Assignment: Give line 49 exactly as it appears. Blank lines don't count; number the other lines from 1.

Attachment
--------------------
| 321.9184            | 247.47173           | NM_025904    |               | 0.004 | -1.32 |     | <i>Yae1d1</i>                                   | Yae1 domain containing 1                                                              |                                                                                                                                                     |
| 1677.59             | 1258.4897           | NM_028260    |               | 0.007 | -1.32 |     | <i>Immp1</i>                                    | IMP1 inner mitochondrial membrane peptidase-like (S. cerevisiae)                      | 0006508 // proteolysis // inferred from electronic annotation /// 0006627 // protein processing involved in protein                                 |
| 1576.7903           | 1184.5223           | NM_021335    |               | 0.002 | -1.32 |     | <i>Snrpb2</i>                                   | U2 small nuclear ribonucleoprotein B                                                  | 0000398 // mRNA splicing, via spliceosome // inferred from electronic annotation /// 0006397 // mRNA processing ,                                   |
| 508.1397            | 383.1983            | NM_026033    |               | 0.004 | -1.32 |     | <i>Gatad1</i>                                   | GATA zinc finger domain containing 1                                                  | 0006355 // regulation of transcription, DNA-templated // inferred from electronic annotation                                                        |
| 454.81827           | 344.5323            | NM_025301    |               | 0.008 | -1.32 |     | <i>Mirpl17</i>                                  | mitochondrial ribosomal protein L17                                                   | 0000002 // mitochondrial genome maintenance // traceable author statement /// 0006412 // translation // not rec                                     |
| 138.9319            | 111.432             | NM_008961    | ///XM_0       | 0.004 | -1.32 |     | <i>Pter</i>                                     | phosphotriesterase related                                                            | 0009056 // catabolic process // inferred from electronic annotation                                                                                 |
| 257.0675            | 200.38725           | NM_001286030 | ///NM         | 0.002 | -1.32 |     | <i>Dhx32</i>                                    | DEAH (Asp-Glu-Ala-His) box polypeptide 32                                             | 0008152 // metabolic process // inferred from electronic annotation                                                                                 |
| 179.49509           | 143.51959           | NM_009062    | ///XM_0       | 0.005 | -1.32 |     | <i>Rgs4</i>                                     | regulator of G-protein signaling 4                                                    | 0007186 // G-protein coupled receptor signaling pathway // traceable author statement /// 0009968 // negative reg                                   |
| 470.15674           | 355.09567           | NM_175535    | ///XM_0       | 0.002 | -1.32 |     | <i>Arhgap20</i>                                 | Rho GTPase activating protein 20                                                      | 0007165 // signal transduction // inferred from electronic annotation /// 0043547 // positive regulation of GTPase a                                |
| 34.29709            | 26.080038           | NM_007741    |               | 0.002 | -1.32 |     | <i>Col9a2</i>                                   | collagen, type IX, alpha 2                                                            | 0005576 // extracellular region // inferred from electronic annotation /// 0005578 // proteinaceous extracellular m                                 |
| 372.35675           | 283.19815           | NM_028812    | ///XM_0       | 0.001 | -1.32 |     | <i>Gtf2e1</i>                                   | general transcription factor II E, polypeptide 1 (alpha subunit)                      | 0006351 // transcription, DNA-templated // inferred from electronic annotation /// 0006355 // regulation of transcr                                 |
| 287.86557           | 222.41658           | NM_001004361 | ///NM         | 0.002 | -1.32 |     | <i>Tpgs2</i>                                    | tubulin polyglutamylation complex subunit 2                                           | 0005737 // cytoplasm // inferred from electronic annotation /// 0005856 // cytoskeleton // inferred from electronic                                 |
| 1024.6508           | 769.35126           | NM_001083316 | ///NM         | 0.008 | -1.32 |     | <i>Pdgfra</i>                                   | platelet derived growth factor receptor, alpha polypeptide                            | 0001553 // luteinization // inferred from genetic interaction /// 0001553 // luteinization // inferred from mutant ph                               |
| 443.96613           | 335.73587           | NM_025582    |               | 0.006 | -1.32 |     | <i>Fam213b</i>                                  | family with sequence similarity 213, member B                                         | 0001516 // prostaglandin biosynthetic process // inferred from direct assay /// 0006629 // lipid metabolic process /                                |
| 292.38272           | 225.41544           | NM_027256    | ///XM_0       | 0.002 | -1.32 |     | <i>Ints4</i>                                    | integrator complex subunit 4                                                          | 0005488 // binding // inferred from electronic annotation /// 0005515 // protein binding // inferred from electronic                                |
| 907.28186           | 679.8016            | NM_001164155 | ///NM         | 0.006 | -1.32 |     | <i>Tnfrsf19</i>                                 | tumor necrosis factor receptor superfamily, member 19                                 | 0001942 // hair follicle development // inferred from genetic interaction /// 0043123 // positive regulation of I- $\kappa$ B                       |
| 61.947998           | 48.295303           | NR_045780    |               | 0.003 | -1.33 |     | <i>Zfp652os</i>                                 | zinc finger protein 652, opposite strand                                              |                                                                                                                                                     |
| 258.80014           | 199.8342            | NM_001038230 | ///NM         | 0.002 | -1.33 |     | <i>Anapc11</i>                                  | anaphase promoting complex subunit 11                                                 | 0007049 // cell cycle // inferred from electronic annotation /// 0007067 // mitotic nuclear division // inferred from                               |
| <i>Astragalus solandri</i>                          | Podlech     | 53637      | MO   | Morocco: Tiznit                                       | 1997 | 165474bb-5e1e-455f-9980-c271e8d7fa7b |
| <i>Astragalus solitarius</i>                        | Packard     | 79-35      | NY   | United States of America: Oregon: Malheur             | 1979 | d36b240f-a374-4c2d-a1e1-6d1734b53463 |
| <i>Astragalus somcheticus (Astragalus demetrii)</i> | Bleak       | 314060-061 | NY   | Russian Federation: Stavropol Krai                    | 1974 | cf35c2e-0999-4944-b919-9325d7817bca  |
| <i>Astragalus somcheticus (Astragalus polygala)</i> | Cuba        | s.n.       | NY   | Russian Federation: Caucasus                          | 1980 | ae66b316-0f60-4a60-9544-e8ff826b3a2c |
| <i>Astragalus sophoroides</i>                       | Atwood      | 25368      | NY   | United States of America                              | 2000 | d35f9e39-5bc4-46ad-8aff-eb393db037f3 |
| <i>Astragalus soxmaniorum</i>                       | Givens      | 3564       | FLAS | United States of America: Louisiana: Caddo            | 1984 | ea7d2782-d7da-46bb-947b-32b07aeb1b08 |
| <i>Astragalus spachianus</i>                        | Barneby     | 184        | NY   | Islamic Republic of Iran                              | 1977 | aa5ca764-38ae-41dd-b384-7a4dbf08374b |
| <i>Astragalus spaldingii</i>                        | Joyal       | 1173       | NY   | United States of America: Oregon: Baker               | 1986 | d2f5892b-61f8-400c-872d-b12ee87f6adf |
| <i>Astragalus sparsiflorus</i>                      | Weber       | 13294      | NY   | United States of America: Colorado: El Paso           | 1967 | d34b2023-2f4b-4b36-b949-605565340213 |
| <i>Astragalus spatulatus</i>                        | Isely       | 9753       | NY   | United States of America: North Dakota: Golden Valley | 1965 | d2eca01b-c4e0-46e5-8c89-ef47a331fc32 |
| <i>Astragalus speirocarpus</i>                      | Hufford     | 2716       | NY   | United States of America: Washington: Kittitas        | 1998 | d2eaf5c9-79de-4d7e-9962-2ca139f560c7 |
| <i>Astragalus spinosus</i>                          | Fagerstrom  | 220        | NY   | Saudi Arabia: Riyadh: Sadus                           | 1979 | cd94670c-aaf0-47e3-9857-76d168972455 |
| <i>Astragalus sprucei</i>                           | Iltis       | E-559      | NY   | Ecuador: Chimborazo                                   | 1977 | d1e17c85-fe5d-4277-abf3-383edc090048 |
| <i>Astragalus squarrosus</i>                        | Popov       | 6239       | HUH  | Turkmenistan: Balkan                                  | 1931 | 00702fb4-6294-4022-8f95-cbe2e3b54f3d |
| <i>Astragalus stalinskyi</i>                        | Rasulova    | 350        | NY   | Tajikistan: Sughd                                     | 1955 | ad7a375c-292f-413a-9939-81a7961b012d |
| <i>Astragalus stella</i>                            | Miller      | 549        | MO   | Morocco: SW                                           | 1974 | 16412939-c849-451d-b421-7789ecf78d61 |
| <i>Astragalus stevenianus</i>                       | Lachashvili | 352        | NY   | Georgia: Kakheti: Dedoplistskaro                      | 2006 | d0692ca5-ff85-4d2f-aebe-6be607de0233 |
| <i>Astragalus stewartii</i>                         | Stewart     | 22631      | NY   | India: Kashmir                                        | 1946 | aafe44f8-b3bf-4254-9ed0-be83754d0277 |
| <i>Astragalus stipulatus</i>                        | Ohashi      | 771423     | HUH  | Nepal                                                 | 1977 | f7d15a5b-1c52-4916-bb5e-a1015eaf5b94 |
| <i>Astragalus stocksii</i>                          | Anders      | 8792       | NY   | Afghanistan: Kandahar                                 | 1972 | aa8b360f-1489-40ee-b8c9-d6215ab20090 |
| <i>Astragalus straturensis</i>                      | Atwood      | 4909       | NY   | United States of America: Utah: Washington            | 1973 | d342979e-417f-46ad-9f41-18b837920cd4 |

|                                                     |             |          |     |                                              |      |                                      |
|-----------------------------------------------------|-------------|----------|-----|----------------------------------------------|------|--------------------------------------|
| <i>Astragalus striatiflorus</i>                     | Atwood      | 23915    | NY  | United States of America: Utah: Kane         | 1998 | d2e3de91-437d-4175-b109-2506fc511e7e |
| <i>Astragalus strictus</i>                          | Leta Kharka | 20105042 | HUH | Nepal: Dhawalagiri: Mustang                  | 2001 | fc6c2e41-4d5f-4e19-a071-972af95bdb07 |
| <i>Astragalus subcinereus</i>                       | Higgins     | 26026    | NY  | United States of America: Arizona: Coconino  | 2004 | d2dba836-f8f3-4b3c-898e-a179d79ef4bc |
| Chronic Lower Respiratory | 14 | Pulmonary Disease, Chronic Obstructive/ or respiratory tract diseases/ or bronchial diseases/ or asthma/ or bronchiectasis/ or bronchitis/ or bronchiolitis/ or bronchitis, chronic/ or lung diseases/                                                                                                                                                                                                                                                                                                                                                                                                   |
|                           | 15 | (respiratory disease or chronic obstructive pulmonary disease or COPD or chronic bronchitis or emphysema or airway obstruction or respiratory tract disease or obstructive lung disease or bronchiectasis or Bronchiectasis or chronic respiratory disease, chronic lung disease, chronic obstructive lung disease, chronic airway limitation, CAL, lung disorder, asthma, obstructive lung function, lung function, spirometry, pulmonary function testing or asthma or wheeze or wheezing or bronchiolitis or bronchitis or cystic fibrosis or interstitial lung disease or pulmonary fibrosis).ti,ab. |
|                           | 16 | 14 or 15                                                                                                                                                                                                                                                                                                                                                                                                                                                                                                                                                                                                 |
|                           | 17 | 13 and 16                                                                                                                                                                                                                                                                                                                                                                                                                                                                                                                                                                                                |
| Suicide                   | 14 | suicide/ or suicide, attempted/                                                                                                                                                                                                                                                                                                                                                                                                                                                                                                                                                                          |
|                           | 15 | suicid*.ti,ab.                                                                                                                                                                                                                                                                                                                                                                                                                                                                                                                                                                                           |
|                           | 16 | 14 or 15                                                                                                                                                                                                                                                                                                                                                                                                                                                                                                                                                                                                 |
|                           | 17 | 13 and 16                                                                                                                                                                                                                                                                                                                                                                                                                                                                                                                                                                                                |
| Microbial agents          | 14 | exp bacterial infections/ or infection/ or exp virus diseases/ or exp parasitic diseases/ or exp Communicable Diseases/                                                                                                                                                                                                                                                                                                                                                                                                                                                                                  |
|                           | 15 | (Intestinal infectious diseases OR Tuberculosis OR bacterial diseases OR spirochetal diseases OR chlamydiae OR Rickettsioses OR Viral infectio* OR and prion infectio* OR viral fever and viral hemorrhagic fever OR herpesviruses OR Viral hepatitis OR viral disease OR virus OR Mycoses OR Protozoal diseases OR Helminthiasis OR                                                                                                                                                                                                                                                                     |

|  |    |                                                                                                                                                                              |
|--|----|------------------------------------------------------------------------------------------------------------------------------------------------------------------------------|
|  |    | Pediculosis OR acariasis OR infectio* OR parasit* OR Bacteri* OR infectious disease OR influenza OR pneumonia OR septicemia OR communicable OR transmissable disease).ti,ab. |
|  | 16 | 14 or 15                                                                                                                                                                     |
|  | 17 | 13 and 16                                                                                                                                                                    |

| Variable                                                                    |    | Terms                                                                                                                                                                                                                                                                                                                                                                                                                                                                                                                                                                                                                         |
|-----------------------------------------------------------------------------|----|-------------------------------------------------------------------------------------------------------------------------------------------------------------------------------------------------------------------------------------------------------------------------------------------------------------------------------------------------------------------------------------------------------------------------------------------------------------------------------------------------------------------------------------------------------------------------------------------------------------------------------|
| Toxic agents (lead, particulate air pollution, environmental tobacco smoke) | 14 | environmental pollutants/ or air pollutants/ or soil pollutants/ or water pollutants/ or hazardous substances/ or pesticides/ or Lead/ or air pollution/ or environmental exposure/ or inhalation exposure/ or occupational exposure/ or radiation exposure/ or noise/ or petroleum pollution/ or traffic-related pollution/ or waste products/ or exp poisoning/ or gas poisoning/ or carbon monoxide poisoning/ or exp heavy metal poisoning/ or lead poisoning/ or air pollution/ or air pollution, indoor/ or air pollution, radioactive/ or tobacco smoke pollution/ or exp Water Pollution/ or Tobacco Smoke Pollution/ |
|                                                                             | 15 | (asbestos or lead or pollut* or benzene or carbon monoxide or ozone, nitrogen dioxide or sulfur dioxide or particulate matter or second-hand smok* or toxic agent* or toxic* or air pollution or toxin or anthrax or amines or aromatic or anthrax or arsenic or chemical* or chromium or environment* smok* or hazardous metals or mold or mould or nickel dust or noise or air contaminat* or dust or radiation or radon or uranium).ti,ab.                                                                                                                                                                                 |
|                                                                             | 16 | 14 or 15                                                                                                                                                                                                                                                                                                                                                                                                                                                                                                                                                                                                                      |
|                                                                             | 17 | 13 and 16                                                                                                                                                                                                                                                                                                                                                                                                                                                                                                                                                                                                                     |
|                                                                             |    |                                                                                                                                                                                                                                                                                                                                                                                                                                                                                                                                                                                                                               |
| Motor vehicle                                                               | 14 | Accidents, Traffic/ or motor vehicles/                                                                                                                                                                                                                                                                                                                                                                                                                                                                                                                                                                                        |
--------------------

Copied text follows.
| Suicide                   | 14 | suicide/ or suicide, attempted/                                                                                                                                                                                                                                                                                                                                                                                                                                                                                                                                                                          |